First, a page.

Ghost the Musical Arrives in L.A. and It's Totally...Not Atrocious
Photo by Joan MarcusSteven Grant Douglas and Katie Postotnick reenact the famous pottery scene from Ghost in the musical version, now playing at the Pantages in Hollywood.
Often there is an onus on theater to be great, important, and full of meaning. The national tour of Ghost: The Musical, now playing at the Pantages in Hollywood, is none of those things.
It's certainly not a good musical: The songs are forgettable, the lead actors aren't always quite on the right pitches, the characters are pretty one-dimensional, the staging is interspersed with weird, hokey montages (including, for better or worse, an opening credits sequence) and choreography that does nothing to advance the plot. Still, despite its flaws, Ghost manages to be a pleasant experience.
Based on the Oscar-winning 1990 movie - with the most instantly-recognizable pottery session in the world - Ghost follows a young couple, Molly (Katie Postotnik) and Sam (Steven Grant Douglas), who are excited about all the possibilities that await them. These possibilities are cut short, of course, by Sam's untimely death in a botched mugging attempt. Unlike most dead people, though, Sam doesn't immediately move on to heaven or hell - he still has unfinished business, and will roam the earth, unnoticed, until his conflicts are resolved. Soon, he stumbles across a fraudulent psychic, Oda Mae Brown (Carla R. Stewart), who can actually hear him. With her grudging help, Sam tries to convince Molly and their friend Carl (Robby Haltiwanger) to look into the circumstances of his death.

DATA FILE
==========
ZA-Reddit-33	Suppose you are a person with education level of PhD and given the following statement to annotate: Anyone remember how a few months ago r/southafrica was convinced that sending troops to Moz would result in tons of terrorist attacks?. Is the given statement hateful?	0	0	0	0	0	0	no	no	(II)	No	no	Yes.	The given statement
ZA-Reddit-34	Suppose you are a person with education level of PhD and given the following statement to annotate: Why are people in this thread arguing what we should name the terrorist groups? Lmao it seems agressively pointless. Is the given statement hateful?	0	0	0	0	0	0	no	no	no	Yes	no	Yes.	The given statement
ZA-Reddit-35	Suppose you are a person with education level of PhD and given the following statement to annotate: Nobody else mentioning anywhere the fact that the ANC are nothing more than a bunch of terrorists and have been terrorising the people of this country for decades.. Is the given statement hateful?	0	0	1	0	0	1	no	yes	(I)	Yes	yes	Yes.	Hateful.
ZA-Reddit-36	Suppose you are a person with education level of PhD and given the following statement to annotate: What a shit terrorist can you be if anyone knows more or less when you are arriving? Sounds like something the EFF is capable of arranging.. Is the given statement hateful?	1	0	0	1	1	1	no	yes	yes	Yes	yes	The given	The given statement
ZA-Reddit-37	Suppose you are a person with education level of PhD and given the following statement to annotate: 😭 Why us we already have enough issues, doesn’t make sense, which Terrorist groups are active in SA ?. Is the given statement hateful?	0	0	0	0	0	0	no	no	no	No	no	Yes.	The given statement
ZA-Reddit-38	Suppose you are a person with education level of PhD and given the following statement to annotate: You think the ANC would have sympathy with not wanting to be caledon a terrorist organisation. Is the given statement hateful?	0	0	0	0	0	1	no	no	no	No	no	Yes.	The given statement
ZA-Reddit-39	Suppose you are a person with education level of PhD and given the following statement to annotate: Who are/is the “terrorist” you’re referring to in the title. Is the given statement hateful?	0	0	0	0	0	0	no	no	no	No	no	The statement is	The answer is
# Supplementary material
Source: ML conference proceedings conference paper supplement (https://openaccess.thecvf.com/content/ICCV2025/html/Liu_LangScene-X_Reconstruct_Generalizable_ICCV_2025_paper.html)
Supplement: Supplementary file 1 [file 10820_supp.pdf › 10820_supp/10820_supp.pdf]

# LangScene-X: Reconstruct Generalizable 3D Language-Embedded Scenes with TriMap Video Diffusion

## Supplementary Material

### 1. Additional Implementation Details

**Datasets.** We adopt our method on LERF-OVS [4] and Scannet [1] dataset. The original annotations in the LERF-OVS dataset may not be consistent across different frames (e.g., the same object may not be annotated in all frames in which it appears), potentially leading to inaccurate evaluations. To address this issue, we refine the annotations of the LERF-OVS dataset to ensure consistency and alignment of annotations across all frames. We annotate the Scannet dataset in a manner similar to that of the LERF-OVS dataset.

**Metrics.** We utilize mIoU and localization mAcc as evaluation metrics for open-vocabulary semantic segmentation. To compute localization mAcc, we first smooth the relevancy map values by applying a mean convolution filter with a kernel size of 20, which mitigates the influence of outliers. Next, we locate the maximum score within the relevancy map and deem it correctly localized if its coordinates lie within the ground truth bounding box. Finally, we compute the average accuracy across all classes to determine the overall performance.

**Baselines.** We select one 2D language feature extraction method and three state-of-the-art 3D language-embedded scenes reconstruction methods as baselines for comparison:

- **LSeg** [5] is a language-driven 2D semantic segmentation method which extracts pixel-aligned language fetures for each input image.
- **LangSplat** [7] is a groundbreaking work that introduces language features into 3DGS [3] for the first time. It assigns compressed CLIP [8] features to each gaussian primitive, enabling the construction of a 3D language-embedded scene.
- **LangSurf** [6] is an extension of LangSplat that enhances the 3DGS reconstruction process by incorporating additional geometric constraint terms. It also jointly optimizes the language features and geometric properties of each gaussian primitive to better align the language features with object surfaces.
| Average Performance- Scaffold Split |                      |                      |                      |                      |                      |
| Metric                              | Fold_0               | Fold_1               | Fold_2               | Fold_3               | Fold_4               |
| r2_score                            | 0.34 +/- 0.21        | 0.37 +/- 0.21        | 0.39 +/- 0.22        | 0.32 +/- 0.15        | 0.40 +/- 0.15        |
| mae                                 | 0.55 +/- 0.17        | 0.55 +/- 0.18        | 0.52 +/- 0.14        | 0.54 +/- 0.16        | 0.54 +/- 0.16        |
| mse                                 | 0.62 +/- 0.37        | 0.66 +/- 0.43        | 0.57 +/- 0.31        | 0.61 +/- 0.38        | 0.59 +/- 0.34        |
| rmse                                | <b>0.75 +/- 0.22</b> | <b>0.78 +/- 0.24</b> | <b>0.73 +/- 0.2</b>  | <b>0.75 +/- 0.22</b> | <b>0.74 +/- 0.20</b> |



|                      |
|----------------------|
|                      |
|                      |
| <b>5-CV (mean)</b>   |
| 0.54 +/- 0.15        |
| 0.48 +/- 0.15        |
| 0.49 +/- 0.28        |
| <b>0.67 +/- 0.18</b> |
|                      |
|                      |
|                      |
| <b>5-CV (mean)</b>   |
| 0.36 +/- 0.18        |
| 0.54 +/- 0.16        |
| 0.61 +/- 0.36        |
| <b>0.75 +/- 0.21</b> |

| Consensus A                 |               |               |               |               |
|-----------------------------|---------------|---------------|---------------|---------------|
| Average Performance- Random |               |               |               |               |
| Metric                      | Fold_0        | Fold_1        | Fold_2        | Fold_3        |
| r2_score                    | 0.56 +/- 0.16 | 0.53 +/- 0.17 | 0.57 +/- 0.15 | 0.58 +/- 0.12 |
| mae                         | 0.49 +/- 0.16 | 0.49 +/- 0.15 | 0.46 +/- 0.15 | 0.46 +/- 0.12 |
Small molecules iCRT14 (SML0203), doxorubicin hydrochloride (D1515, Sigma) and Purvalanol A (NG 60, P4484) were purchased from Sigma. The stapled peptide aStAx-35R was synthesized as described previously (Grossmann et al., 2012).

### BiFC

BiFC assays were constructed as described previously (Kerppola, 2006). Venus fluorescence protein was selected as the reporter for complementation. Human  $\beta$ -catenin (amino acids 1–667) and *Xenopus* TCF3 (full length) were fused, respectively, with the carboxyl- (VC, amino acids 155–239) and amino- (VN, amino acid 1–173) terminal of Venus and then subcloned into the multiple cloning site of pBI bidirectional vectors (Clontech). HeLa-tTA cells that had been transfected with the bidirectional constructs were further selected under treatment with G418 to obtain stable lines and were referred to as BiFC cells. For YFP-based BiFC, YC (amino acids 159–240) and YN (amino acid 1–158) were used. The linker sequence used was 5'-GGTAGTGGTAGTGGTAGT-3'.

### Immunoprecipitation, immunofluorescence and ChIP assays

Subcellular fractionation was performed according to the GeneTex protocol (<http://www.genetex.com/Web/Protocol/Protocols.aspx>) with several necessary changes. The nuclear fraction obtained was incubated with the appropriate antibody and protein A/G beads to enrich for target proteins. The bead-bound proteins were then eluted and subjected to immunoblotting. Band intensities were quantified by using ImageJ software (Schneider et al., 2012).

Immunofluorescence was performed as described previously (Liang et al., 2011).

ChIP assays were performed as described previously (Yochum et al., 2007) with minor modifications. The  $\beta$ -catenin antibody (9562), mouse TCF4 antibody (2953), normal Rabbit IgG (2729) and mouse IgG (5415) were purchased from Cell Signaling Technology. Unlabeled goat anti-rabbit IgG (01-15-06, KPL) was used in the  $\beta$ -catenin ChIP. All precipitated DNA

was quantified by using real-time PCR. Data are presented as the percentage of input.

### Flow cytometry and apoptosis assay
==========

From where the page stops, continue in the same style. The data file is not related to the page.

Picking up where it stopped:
The book by Bruce Joel Rubin (who won an Oscar for the film's screenplay) is mostly adept, moving the plot along at a good pace, and keeping the tone fairly light throughout, not letting the sentimentality seep through too much. The score (by Dave Stewart and Glen Ballard, with lyrics by Rubin), on the other hand, is, by and large, forgettable, though some of the bigger production numbers like "You Gotta Let Go" and "I'm Outta Here" show flashes of brilliance.
Similarly, the cast, which is full of recent grads of various musical theater programs, is more earnest than astonishingly talented, but they tell the story fairly effectively. Where the show really starts to win over the audience, though, is with the visuals. While about a third of the projections (by Jon Driscoll) are groan-worthy, the other two thirds work well with the set design (only associate scenic designer Paul Weimer is credited, though Rob Howell was the original Broadway designer), Paul Kieve's illusions and Hugh Vanstone's lighting design to present a surprisingly believable supernatural world.
Is Ghost cheesy? Certainly. But is Ghost unwatchable? Decidedly not. In the same way that you can't turn away from great reality television, or a delightfully mediocre movie, Ghost is a welcome distraction from the real world.
Pantages Theatre, 6233 Hollywood Blvd., Hlywd; through July 13. HollywoodPantages.com.
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